Australia’s Chinese Community is bracing for a double celebration this week with Australia Day on January 26 just one day ahead of the start of Chinese New Year.
In Sydney’s Hurstville, located 16 kilometres south-west of Sydney’s CBD, preparations for both are in full swing.
With more than half of Hurstville’s residents having Chinese ancestry, sharing both Chinese and Australian rituals is proving to be busy work.
Local Restauranteur Sunny Cheng, who emigrated from China almost 30 years ago reports his Australia Day bookings are at capacity.
“Families and friends will come together to enjoy the day over a good meal.”
This sentiment will be echoed in part, across the nation at family BBQ’s, picnics or meals at restaurants like Sunny’s. However, as with the wider Australian population, not everyone in the ever growing Chinese community agrees with the notion of celebrating the day.
“There are different sections of Chinese community who will see it as a day to relax, have BBQ’s and go out for a meal. But, there is a growing group from my generation in our twenties and thirties who feel the meaning of Australia day is not necessarily a good one,” says Erin Chew from the Asian Australian Alliance- an advocacy group to set up to respond to issues of racism and social injustice
“Newer Chinese emigrants from mainland China who’ve moved here in last two decades are still understanding what it means to be Australian and what Australia Day is. I would say the majority will celebrate it as a holiday without necessarily taking in the meaning behind it.”
According to clinical psychologist Elisabeth Shaw from Relationships Australia NSW, “These debates around Australia Day are not necessarily a bad or wrong thing. The differences create a discomfort which is normal within a multicultural society especially where different generations will have different views. As long as there is good intention and not any harm then I think it shows all the healthy signs of a mature community,” she said.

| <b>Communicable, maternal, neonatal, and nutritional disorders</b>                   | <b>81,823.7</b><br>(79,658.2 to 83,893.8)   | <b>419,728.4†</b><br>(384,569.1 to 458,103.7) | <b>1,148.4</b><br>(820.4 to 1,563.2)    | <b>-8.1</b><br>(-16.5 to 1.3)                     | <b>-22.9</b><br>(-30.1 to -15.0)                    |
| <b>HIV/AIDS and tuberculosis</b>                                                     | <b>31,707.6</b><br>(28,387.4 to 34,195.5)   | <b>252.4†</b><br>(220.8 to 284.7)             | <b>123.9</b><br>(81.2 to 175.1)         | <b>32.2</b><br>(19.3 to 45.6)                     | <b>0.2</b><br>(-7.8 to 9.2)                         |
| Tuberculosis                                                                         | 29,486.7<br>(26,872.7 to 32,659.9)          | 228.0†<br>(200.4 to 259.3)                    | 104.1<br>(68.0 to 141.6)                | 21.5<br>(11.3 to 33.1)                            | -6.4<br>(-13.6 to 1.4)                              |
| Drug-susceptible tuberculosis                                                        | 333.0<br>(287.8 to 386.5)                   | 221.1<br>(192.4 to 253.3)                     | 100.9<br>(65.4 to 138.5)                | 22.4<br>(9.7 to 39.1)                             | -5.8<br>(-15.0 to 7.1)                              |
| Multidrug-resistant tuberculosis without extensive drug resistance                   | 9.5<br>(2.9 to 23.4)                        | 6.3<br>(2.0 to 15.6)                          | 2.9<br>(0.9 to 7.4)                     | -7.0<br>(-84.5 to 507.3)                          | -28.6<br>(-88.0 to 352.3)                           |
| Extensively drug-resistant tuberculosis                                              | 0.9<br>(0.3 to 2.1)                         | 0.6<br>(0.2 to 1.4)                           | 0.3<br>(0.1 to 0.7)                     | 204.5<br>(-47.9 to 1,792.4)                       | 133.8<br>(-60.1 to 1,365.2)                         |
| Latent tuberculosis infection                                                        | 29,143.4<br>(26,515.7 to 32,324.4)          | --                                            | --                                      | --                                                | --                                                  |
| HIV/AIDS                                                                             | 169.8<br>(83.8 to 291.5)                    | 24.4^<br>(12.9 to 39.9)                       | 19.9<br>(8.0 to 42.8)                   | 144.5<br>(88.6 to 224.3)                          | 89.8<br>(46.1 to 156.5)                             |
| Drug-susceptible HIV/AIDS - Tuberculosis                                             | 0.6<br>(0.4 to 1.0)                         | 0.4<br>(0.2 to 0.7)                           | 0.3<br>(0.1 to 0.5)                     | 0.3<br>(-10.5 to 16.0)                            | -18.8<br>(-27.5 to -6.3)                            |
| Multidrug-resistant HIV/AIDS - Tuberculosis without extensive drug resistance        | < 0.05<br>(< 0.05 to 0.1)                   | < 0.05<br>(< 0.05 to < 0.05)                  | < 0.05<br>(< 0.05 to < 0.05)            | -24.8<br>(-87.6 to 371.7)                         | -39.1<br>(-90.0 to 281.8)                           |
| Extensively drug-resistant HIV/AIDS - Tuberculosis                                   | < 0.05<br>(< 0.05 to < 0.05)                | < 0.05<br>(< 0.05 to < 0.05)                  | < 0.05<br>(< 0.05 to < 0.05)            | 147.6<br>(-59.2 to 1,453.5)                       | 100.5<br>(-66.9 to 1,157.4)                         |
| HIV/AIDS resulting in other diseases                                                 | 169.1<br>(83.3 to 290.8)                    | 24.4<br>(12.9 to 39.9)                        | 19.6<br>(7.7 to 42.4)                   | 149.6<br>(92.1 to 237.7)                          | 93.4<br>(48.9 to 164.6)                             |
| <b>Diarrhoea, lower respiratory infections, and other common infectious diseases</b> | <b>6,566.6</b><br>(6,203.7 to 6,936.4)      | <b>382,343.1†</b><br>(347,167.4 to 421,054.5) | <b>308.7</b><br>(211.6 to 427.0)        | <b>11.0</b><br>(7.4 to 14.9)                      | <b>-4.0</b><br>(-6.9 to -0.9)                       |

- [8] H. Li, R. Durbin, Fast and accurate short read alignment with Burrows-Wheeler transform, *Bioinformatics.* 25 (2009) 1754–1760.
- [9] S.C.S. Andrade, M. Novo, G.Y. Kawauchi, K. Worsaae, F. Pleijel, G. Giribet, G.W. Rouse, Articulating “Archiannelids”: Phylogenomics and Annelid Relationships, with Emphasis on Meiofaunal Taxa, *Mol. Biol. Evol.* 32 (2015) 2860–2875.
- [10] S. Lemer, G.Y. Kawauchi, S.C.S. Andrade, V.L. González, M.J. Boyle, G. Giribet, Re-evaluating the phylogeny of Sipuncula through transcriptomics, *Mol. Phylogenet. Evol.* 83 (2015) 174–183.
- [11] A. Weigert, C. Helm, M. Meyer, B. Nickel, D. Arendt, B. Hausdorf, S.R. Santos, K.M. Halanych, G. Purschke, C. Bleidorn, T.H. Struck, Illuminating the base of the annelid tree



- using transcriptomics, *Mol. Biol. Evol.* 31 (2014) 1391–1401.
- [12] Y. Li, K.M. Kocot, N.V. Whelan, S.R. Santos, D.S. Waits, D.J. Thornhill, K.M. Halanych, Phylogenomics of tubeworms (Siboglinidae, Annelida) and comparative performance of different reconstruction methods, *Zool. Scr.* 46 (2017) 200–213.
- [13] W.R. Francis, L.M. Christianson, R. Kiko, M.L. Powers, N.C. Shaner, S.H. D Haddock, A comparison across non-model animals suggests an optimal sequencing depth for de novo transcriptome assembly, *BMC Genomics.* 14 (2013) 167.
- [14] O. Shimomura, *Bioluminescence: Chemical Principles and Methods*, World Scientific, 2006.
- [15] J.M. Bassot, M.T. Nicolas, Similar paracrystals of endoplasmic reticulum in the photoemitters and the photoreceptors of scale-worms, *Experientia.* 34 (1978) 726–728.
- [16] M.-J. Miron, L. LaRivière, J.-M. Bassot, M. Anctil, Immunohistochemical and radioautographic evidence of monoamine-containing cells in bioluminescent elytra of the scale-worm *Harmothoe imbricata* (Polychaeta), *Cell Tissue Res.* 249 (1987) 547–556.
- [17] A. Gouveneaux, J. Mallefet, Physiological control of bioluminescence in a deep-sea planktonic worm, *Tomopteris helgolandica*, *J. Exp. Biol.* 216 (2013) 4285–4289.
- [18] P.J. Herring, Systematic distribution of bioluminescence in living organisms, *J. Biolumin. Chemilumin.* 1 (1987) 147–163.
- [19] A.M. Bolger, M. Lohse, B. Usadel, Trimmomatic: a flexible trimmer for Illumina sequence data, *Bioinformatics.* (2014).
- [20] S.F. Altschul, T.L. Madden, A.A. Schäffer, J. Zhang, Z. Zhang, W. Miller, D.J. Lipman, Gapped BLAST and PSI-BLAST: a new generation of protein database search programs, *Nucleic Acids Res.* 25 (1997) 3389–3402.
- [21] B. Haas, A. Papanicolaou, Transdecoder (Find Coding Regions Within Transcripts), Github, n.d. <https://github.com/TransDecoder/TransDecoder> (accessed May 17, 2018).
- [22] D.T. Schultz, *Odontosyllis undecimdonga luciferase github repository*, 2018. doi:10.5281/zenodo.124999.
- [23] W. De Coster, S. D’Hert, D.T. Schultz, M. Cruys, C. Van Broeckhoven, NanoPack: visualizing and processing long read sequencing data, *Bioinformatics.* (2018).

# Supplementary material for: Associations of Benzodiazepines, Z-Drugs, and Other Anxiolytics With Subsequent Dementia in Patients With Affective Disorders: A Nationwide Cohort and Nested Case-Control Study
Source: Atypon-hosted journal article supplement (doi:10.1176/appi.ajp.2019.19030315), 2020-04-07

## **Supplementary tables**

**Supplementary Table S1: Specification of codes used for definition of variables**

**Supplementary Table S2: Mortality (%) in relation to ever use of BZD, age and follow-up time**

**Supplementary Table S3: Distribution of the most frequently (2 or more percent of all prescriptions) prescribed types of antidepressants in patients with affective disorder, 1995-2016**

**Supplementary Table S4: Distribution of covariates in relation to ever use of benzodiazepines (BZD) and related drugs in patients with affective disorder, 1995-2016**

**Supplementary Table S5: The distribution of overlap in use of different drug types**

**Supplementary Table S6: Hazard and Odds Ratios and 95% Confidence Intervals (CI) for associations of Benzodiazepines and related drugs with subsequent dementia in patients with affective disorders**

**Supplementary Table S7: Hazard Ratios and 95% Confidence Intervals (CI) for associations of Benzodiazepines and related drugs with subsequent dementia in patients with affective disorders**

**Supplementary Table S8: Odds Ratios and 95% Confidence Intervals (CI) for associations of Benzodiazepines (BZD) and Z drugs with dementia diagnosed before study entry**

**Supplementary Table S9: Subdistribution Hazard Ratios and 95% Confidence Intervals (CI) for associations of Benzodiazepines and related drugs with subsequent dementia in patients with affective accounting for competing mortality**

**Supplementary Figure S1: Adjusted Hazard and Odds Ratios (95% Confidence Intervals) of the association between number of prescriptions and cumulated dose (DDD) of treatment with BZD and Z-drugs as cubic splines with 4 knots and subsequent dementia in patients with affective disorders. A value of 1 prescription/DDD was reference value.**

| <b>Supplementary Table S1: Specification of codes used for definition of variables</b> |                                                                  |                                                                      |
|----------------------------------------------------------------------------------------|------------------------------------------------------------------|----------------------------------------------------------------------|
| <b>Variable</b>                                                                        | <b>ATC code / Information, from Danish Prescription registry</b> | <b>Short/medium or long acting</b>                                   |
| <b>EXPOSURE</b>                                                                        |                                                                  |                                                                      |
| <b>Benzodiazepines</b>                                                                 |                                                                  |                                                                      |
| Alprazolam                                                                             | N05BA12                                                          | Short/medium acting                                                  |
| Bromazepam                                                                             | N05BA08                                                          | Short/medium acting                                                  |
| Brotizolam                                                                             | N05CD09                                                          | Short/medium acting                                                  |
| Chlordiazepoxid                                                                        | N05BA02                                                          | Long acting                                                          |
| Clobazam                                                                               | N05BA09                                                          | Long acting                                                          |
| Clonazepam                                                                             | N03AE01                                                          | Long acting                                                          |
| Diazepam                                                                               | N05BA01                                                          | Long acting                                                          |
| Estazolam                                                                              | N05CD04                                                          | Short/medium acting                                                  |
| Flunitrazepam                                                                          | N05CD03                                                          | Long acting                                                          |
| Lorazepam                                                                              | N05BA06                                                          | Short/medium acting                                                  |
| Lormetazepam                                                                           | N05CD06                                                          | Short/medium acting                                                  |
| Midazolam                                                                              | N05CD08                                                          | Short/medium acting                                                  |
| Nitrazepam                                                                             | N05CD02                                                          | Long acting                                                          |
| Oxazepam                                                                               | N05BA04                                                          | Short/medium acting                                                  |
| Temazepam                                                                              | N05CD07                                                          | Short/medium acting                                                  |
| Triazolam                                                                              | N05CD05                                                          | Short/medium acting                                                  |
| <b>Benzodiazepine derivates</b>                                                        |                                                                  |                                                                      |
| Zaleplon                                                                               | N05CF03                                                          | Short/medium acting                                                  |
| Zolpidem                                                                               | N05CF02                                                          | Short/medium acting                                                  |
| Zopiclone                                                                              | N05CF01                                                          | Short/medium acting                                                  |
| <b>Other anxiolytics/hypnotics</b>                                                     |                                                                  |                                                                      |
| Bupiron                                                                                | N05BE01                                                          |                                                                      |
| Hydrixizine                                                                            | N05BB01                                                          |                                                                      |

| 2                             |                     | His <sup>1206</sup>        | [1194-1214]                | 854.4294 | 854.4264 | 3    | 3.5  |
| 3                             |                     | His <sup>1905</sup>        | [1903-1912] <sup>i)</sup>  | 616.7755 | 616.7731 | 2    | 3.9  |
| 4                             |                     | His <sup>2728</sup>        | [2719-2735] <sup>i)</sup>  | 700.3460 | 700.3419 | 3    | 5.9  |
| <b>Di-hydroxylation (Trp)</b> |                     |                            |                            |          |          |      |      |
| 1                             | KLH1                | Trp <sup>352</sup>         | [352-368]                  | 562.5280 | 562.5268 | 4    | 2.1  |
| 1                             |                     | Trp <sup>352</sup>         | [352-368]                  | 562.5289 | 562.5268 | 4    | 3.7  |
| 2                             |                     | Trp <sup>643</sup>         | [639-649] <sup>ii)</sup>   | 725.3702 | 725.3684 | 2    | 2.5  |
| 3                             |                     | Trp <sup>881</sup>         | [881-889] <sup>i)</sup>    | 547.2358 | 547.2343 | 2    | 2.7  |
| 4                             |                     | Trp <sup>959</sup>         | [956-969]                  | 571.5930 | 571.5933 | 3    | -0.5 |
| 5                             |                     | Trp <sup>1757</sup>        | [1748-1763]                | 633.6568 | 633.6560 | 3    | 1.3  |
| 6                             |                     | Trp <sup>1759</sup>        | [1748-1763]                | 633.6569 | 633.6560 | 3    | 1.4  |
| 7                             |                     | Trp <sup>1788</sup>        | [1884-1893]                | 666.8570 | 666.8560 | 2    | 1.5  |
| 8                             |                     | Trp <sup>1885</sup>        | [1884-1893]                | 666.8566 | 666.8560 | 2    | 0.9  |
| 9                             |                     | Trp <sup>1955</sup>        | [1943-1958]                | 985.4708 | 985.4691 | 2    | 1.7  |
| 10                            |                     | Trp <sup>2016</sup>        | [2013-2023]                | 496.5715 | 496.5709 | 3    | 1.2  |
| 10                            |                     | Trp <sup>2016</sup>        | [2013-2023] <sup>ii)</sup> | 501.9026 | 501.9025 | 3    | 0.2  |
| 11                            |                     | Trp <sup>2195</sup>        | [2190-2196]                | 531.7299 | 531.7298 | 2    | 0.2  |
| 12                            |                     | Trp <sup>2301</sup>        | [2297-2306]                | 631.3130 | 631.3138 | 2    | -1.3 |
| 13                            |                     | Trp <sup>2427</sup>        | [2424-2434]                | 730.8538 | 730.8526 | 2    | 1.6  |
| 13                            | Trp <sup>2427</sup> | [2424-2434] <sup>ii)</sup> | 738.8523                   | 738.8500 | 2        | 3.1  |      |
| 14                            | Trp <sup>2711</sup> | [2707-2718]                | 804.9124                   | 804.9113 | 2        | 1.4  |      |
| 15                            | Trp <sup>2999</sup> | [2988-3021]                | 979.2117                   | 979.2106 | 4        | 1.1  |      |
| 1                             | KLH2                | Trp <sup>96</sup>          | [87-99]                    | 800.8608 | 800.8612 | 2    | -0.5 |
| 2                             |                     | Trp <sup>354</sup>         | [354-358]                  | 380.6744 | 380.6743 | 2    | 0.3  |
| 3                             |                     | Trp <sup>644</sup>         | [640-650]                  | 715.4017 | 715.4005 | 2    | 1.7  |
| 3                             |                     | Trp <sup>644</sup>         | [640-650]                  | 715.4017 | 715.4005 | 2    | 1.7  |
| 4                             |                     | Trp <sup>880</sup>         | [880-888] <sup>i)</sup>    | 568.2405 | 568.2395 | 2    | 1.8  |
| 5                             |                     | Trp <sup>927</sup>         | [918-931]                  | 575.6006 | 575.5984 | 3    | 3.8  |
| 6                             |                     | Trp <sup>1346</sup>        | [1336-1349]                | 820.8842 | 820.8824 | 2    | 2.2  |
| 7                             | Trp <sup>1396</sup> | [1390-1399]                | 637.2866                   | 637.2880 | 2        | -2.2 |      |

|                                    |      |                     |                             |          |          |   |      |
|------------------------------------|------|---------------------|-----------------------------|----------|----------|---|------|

Overseas born Aussies are now at their highest number in over a century, making up twenty eight percent of the overall population – and those born in China have doubled in the past decade.
“Australia Day and Chinese New Year falling consecutively offers everyone the opportunity to acknowledge both in a significant way, irrespective of which side of the debate they sit,” Ms Shaw stated.
In fact in Sydney’s CBD, the merging of Aussie and Chinese rituals will be on display with the iconic Sydney Rooster’s Rugby League team participating in Chinese New Year Celebrations, which in 2017 is the year of the Rooster.
“The Roosters will have a presence at the Lunar Markets this Friday evening, with two of our players in attendance to help with the giveaways we will have on offer on the night,” a Sydney Roosters spokesperson announced this week.
The festival, which started in Chinatown 21 years ago is expecting over a million visitors, proving its popularity in a city where Chinese culture is now as much part of the city scape as Christmas and Easter celebrations.
“It will be a time for celebration and reflection within the Chinese Community and emotions usually reflect this during the Lunar New Year, especially with many families separated from their larger family who are still in Mainland China.” Ms Shaw added.
Relationships Australia offer services around the country that include counselling, mediation and a range of family and community support and group programs.
Contact can be made with Relationships Australia NSW by calling 1300 364 277